Voters had to wait several weeks to learn who won the fifth of five open Juneau School Board seats because the election was so close that some residents wanted a recount.
Twelve candidates, including two incumbents, ran for School Board. When the dust had settled, publisher Alan Schorr defeated credit union executive Bill Peters by four votes. Other winners were newcomers Andi Story, Phyllis Carlson, Rhonda Befort and Julie Morris.
Voters in October also doubled the city tax on cigarettes, to 30 cents per pack, and doubled the 6 percent excise tax on cigars, chewing tobacco and other tobacco products.
At City Hall
In March, the Assembly appointed local businessman Rod Swope as city manager, after declining to make permanent the interim position of former Assembly member John MacKinnon.
Capital City Fire and Rescue Chief Mike Doyle resigned in November after six years on the job, saying he was tired and admitting that recent department organizational changes have not been universally popular.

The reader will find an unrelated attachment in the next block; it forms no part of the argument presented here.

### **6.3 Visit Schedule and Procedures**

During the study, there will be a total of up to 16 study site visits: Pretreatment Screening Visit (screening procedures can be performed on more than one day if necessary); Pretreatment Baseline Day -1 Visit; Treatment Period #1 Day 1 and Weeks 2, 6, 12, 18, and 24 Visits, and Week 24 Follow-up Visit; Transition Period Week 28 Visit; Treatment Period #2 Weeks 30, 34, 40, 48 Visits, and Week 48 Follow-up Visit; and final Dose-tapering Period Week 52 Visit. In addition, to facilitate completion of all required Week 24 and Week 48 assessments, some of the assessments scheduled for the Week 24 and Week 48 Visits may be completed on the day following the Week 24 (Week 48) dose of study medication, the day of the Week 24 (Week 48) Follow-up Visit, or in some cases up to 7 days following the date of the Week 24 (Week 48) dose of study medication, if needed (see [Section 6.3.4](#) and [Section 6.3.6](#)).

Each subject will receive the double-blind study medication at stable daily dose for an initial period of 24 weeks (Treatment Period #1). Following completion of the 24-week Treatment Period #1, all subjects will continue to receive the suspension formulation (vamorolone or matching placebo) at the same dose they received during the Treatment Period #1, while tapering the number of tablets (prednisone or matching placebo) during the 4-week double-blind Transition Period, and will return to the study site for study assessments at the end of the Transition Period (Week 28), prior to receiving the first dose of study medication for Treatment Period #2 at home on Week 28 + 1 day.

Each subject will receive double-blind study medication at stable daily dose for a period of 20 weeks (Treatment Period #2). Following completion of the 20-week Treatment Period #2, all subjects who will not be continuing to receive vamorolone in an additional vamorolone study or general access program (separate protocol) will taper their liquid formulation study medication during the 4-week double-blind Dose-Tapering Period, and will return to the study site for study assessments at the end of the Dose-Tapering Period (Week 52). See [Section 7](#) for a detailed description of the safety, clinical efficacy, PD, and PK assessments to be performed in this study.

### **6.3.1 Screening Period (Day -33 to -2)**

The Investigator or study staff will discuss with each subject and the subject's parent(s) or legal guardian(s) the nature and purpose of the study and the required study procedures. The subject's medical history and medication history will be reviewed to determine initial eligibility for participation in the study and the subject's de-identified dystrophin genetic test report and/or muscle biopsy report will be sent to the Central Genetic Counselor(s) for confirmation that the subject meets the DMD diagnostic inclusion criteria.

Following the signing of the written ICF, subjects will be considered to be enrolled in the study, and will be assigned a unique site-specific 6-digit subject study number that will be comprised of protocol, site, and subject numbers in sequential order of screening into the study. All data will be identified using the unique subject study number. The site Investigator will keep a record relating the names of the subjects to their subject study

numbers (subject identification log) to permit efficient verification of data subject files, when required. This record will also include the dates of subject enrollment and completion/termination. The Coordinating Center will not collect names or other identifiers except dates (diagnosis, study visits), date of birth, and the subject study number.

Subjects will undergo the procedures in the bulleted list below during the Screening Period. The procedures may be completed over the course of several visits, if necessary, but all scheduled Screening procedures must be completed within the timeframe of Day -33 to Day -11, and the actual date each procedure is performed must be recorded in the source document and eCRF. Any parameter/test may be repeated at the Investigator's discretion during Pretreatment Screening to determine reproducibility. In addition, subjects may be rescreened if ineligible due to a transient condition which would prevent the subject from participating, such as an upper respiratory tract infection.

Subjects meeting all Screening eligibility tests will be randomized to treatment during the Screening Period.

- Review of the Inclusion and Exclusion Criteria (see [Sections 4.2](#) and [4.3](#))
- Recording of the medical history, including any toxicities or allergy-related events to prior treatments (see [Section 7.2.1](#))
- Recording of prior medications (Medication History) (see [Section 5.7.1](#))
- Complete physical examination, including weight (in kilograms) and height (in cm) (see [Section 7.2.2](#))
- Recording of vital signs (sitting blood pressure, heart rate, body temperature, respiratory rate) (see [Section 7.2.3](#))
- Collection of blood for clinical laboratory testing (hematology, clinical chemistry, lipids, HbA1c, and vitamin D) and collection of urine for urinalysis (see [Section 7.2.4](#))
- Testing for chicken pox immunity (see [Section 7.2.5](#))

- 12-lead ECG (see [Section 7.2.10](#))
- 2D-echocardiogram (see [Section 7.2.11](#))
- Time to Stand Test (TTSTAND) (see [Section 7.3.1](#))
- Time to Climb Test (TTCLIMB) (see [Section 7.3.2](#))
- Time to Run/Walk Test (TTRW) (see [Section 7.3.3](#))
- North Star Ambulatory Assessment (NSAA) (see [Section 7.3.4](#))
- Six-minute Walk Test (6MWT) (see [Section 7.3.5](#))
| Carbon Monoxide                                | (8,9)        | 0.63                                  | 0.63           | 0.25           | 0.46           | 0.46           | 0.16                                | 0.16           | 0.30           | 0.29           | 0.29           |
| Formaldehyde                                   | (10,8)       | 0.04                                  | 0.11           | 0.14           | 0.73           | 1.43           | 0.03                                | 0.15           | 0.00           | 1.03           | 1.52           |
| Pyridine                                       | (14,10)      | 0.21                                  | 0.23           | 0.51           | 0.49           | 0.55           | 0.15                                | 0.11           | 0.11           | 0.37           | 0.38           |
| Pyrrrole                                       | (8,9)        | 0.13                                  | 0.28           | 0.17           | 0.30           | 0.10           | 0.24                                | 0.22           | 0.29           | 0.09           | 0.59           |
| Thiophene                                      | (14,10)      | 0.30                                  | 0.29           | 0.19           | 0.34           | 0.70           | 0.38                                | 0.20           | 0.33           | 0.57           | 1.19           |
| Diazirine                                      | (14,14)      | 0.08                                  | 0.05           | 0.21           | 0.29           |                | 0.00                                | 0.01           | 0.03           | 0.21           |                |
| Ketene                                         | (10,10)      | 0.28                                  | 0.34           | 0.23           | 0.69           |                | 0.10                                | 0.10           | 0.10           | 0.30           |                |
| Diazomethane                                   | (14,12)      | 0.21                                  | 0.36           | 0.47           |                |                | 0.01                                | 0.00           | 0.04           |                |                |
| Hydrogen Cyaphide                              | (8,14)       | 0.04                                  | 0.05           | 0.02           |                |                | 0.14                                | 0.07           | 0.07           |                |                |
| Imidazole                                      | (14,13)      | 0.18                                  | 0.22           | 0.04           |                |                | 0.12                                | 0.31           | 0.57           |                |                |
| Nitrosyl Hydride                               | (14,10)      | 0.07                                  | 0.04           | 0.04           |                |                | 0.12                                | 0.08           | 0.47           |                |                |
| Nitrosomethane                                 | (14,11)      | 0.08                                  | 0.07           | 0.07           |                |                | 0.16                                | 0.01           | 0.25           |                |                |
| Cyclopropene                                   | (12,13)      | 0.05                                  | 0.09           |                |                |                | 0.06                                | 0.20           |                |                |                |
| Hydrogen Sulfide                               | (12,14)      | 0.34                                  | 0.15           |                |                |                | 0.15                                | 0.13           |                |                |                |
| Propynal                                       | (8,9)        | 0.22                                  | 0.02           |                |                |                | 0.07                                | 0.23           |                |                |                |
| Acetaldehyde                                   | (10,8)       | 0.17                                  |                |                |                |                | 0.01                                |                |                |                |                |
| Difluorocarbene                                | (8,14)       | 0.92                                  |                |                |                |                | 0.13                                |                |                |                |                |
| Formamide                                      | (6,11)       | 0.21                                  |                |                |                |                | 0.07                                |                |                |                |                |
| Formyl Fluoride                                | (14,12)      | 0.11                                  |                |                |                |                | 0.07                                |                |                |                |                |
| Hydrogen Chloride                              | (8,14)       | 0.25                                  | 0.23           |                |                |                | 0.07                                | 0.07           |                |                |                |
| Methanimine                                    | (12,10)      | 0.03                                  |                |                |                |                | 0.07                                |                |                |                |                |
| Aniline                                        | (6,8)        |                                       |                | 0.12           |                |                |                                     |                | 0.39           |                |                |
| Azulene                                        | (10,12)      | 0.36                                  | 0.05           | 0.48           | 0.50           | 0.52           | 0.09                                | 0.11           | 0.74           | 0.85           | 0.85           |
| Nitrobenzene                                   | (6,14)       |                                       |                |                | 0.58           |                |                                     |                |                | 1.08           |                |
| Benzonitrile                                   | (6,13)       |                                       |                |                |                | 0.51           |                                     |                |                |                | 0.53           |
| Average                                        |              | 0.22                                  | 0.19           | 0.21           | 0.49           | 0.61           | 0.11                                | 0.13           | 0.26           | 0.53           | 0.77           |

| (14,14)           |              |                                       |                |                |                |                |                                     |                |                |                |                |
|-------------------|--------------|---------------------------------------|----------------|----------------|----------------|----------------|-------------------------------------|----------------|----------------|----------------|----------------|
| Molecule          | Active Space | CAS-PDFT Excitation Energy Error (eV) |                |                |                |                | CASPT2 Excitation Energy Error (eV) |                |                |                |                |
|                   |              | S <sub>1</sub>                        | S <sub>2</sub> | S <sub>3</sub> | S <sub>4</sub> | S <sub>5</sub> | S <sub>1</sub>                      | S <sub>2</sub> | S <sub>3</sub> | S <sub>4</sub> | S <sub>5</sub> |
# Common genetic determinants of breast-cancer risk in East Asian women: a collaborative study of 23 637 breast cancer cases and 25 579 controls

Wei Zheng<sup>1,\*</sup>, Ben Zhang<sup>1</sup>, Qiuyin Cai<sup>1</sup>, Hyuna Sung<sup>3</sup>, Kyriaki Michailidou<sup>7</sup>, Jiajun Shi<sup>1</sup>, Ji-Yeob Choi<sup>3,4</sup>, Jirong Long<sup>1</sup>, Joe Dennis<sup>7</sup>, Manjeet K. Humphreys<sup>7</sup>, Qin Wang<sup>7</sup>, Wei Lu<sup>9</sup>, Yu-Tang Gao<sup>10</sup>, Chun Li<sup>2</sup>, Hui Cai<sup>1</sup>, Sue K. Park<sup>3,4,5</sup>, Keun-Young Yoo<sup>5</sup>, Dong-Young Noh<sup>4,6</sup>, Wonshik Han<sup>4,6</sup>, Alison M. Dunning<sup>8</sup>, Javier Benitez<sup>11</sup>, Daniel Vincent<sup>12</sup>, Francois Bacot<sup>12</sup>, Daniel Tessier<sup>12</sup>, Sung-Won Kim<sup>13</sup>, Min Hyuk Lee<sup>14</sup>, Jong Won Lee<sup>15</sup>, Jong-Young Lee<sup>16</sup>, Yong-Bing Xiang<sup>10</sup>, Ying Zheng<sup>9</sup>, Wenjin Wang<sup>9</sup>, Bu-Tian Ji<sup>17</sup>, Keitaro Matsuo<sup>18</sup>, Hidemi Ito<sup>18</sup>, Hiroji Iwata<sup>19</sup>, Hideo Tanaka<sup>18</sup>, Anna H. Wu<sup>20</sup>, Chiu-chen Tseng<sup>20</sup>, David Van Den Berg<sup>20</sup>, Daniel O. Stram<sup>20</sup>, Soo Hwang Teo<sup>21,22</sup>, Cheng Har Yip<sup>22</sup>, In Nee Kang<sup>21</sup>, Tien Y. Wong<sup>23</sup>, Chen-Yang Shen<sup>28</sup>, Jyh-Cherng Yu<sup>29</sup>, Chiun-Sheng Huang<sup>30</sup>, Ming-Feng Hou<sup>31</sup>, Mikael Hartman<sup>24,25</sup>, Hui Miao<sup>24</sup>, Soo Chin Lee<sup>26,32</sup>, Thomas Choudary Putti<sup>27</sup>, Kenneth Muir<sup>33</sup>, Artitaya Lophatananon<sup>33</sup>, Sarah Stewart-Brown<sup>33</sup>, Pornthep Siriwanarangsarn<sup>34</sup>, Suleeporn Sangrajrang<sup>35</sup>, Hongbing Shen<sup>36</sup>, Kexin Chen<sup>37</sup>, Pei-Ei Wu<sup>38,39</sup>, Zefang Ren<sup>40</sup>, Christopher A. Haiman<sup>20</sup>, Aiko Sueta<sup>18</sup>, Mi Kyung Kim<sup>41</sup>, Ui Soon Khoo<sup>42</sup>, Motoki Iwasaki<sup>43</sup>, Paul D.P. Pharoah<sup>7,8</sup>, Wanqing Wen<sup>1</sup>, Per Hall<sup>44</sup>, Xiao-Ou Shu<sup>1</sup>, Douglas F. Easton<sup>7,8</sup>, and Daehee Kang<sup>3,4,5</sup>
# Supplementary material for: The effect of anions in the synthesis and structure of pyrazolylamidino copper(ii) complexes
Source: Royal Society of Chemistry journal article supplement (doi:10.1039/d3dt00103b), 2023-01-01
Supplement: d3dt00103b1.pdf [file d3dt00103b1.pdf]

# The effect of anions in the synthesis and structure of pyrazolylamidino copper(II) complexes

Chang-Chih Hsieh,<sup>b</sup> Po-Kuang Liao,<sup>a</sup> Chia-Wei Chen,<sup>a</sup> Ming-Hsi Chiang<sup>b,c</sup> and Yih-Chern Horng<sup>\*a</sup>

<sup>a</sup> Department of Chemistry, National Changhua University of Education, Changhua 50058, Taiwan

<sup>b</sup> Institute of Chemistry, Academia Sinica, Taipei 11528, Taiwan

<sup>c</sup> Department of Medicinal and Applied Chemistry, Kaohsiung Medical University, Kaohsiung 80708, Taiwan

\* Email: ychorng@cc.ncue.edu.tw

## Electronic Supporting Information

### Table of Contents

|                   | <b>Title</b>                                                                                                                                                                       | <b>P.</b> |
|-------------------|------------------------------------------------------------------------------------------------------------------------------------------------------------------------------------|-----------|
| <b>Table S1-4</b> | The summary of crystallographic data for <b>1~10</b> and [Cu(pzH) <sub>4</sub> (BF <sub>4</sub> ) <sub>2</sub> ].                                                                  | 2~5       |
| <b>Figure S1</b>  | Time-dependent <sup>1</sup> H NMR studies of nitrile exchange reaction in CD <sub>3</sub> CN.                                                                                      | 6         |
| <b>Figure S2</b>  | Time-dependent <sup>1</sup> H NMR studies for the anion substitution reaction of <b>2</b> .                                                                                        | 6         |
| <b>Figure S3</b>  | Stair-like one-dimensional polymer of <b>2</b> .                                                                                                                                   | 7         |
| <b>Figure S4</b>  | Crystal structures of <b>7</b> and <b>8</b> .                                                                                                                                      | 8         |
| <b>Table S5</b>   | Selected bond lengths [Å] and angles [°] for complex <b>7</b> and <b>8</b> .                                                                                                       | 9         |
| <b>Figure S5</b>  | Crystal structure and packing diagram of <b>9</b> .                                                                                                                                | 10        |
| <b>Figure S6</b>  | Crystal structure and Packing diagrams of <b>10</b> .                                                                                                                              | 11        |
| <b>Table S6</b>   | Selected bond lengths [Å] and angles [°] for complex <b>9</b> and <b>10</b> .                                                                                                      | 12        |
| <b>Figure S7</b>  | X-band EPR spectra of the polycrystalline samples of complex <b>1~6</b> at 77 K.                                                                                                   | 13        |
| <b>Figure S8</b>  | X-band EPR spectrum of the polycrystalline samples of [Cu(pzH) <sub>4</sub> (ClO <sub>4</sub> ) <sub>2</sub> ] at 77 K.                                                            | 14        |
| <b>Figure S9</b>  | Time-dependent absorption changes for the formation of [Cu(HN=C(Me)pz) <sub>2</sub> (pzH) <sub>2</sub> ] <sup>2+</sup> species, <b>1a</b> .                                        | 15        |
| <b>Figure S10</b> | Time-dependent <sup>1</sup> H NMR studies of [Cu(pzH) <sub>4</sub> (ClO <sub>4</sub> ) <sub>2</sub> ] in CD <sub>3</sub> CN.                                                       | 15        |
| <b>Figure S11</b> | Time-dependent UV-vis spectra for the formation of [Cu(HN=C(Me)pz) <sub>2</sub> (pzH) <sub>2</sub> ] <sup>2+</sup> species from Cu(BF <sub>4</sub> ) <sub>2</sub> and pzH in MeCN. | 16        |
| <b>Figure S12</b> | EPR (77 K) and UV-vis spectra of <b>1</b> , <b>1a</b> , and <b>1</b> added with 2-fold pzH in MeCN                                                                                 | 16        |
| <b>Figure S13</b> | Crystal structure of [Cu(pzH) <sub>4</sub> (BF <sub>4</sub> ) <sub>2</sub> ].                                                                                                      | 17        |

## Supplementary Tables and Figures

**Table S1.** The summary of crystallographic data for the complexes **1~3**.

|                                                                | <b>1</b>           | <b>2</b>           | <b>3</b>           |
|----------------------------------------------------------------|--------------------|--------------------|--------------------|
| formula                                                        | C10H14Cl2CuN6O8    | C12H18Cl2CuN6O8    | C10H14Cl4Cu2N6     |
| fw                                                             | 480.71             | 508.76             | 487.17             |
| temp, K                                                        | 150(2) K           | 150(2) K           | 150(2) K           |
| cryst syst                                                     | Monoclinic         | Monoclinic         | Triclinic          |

City officials said they would move ahead with a planned reorganization of the fire department, which includes paid professionals and volunteers.
The big education news was a year of contentious negotiations for a teachers' contract, including threats of a strike, culminating with a one-year contract for 2 percent raises.
Juneau School District Superintendent Gary Bader resigned to take a job with the state. He was replaced by Assistant Superintendent Peggy Cowan. Juneau turned over principals at three elementary schools and one middle school.
Plans moved ahead for a $63 million high school at Dimond Park in the Mendenhall Valley. Voters agreed over the summer in a special election to add $12.5 million to the roughly $50 million they had approved in 1999.
The Assembly trimmed the budget early in the year, then reluctantly added some back late in the year as a cushion. The city may seek construction bids in spring 2004 for an August 2006 completion.
JDHS and Floyd Dryden Middle School were renovated, and voters approved bonds for more improvements at both schools.
A new leaf
With the advent of the administration of Republican Gov. Frank Murkowski, the state resurrected the environmental study that could lead to construction of a road linking Juneau and Skagway or enhanced ferry service in upper Lynn Canal.